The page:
How to code a FPGA

There are three main methods for developing FPGA circuitries, and both method can be mixed:
* Drawing them with graphical tool representing this logical doors and other basic tools mentioned (flip-flop, latch, MUX, etc).
* Using a HDL (hardware description language), like Verilog or VHDL for the most famous. Compilers are here to build all the stuff behind this languages, as there are assembler to transform human easily readable assembly code to machine code, or higher level language (C/C++, Python, Lua, JavaScript, FORTRAN, BASIC, Pascal, Camel, LISP, etc) compiler or interpreter to convert them to machine code. There are also higher level language like Chisel, that are higher level description languages.
* Using OpenCL (Open Computing Language), designed mainly for intensive computing, that can be spread simultaneously on GPGPU and CPUs.

When using HDL, tools are here to automatically computing the routing circuitry for you. Tools like VTR (Verilog To Routing) and NextPNR, optimize their placement for you.

Symbiyosys is a verification tool.

OpenFPGAloader is a FOSS software used to program/flash/fuse the FPGA itself.

You can do very interesting things only few hours after start study of HDL, it allows to design simple circuitry with code, near from some higher level languages, with variables, constants, registers, conditional tests and basic booleans transformations, additions and bits manipulations. A register is already itself a circuit of several, basic logical gates. They are generaly made as ASIC inside FPGA, to accelerate circuit and reduce power usage.


So we choose here Verilog (Official IEEE Std 1364-2001 specifications), it is well spread with lot of tools, VHDL is also a very famous one, anyway it is always interesting to look at alternatives, that could have interesting aspects. I choose it as a starting language, because used in few projects and examples I’m interested to, and, there are all the FOSS tools needed to write, simulate, verify. There are also several light RISC-V implementations for embedded (SERV and PicoRV32 (Github) (including Sipeed Lichee Tang (20€ FPGA board) implementation (I actually choose a 12€ Sipeed Tang Nano 4K as first board, The Tang Nano (without 4K) cost 3€ but only have 1000 logical blocks. There are also the very convenient and efficient Verilator simulator and VTR (Verilog to Routing, route optimizer.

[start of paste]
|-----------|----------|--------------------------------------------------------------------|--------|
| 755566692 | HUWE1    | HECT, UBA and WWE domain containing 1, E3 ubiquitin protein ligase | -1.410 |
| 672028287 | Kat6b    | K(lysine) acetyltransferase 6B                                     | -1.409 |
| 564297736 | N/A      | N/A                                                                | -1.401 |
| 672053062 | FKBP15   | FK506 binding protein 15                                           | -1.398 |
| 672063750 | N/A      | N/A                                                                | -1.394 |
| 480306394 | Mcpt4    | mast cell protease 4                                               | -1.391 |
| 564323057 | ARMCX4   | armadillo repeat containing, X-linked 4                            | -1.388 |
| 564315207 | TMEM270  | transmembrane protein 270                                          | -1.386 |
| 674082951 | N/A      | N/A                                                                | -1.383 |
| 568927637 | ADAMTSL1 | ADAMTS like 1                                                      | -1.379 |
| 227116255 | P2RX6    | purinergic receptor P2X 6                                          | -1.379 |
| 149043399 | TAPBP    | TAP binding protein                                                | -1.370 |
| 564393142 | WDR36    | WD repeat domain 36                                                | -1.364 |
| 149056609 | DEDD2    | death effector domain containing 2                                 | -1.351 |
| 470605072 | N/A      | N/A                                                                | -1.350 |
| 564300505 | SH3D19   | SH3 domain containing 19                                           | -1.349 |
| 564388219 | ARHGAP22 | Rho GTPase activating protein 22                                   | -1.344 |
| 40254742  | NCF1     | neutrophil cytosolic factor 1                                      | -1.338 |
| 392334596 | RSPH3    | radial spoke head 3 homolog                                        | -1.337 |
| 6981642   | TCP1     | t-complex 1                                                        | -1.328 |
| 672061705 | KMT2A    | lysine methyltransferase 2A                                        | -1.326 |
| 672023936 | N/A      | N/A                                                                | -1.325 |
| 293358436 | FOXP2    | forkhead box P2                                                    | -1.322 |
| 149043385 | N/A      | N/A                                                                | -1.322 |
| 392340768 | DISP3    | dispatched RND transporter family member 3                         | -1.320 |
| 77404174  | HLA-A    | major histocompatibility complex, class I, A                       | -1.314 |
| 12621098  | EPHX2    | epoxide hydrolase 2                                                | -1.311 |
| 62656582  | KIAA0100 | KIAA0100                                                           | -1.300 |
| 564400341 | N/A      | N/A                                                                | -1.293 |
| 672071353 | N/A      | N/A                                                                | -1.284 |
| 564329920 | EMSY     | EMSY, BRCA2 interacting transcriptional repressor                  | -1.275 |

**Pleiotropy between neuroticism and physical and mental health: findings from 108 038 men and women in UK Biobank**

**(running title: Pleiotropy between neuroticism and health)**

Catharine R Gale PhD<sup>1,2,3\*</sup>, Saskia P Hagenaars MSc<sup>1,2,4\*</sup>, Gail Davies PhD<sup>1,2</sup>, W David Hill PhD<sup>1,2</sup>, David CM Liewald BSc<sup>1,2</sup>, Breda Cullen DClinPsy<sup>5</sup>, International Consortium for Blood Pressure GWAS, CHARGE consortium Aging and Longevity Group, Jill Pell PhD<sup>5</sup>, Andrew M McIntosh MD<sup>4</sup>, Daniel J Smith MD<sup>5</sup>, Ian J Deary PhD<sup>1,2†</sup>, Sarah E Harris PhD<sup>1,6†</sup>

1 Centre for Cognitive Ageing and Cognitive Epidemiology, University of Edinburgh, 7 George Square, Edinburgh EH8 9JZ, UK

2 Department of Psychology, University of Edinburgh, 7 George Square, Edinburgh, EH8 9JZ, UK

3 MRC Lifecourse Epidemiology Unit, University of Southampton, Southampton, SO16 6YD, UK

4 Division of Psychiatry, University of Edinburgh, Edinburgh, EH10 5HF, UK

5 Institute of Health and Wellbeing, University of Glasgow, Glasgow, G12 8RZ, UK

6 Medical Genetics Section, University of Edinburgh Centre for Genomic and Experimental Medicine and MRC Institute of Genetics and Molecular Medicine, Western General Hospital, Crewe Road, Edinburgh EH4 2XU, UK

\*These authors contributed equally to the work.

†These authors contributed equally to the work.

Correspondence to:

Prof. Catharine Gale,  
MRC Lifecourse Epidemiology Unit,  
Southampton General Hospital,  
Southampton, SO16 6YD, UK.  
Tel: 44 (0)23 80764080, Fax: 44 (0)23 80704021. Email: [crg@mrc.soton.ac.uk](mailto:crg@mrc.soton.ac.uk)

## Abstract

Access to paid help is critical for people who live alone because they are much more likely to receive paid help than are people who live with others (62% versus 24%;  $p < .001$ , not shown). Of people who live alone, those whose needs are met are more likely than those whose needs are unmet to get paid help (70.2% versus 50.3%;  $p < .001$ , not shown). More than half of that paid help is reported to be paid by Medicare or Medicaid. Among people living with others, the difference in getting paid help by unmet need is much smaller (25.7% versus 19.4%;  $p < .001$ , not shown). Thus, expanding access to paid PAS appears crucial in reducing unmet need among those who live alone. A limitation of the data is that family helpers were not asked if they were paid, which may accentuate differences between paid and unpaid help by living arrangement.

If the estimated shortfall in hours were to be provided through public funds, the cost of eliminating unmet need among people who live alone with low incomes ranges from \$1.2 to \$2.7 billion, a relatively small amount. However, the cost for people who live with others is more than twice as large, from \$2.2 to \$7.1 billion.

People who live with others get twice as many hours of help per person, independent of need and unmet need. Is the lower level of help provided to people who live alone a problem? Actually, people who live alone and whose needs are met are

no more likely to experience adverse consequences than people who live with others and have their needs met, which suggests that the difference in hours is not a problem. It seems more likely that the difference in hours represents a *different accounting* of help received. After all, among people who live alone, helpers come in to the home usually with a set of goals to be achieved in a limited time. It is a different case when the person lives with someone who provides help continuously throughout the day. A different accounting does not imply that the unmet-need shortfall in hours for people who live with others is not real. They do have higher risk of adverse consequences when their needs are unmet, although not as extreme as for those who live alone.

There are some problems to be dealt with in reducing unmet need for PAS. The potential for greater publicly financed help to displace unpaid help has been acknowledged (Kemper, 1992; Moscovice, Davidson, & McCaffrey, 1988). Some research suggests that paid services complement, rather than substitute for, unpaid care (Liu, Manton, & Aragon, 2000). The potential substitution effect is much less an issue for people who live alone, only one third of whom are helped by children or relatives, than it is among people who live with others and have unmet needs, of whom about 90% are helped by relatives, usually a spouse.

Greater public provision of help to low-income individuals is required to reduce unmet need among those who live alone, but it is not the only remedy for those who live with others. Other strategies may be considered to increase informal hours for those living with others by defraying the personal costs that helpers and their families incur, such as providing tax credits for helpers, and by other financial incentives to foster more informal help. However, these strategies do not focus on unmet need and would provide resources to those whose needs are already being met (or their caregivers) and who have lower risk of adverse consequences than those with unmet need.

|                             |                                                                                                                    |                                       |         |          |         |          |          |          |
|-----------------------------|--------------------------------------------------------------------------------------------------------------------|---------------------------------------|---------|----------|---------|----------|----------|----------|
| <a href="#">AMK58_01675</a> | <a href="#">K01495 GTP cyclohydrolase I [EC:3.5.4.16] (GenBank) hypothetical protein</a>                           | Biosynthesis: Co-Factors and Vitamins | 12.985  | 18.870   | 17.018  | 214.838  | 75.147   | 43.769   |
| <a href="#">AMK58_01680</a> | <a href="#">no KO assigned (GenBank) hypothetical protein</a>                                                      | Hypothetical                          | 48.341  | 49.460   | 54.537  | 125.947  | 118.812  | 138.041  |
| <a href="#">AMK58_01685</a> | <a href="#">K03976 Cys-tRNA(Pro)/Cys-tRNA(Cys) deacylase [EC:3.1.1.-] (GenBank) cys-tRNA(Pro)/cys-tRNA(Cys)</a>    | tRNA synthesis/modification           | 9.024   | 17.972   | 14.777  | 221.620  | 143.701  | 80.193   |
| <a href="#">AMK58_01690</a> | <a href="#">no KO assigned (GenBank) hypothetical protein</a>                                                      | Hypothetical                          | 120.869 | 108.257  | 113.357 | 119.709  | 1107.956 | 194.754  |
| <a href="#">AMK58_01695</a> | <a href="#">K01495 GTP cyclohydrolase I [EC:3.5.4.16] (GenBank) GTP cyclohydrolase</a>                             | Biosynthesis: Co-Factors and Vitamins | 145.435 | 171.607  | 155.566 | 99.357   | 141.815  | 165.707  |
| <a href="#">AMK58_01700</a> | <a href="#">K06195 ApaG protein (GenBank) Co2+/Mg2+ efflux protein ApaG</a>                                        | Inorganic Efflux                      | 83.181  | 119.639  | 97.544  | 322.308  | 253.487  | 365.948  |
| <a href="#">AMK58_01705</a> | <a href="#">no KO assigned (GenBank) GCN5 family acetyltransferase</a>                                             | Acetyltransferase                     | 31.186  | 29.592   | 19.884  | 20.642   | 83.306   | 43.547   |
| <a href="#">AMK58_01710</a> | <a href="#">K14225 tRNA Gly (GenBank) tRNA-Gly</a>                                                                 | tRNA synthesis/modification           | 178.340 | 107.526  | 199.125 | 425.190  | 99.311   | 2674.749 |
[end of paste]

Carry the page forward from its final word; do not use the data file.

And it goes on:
By defaults, numbers are integers, it is possible to force the numbers of bits (before the single quote ' character) and choose signed (s character, signed meaning able to use minus sign) or unsigned (default). Values can be in b binary, o octal, h hexadecimal, and even force d decimal (case by default). The datas can also be given in string format.

32'hFFFF00FF  // 32 bits unsigned hexadecimal opaque yellow (full red+green+alpha) RGBA
8'b00101010   // 42 (8bit unsigned binary)
8'b0010_1010  // 42 (8bit unsigned binary) easier to read version
8'sb1010_1010 // -86 (8bit signed binary)
-8'sd42       // -42 (8bit signed decimal)
12'o0754      // -rwxr-x-r-- rights (12 bits unsigned octal) on Unix compatible filesystems.
"Hello"       // a character string

Constants can be defined by preceding them by simple quote followed by define 'define:

'define myvalue -8'sd42;


There are two different class of types, network and logic. We cover here :
* wire, that is of network type, just implementing a wire between components.
* reg, that is a logical type, register, that can be set or unset to memorize values.

wire w; // a simple wire between 2 components called w
reg r0; // a 1 bit memory called r0 (Register 0)

Value of a wire is set dynamically by the components linked to it, but it is possible to hard set them a permanent value with the assign function:

assign a = 1;

There are also higher level types that will use several of previous items, as for example:

integer i,j; // Two signed 32bits integers called i and j
real num;    // one 64bits float called num
time t;      // one 64bits unsigned integer representing time (in clock ticks)
realtime rt; // one 64bits float representing time

About time, it is interesting to know that #integer can be used to wait n clock ticks. No semi-column (;) must be put after the value, instead the instruction that follow the delay is generally wrote on the same line. For example:

#20 out = a & b;// wait 20 ticks then compute out value from a AND b

Simple bit elements, wire and reg can be organized in vectors, their bits are noted from MSB (most significant bit) to LSB (less significant bit).

wire [7:0] Bus0; // a 8 bits bus called Bus0 connected to the system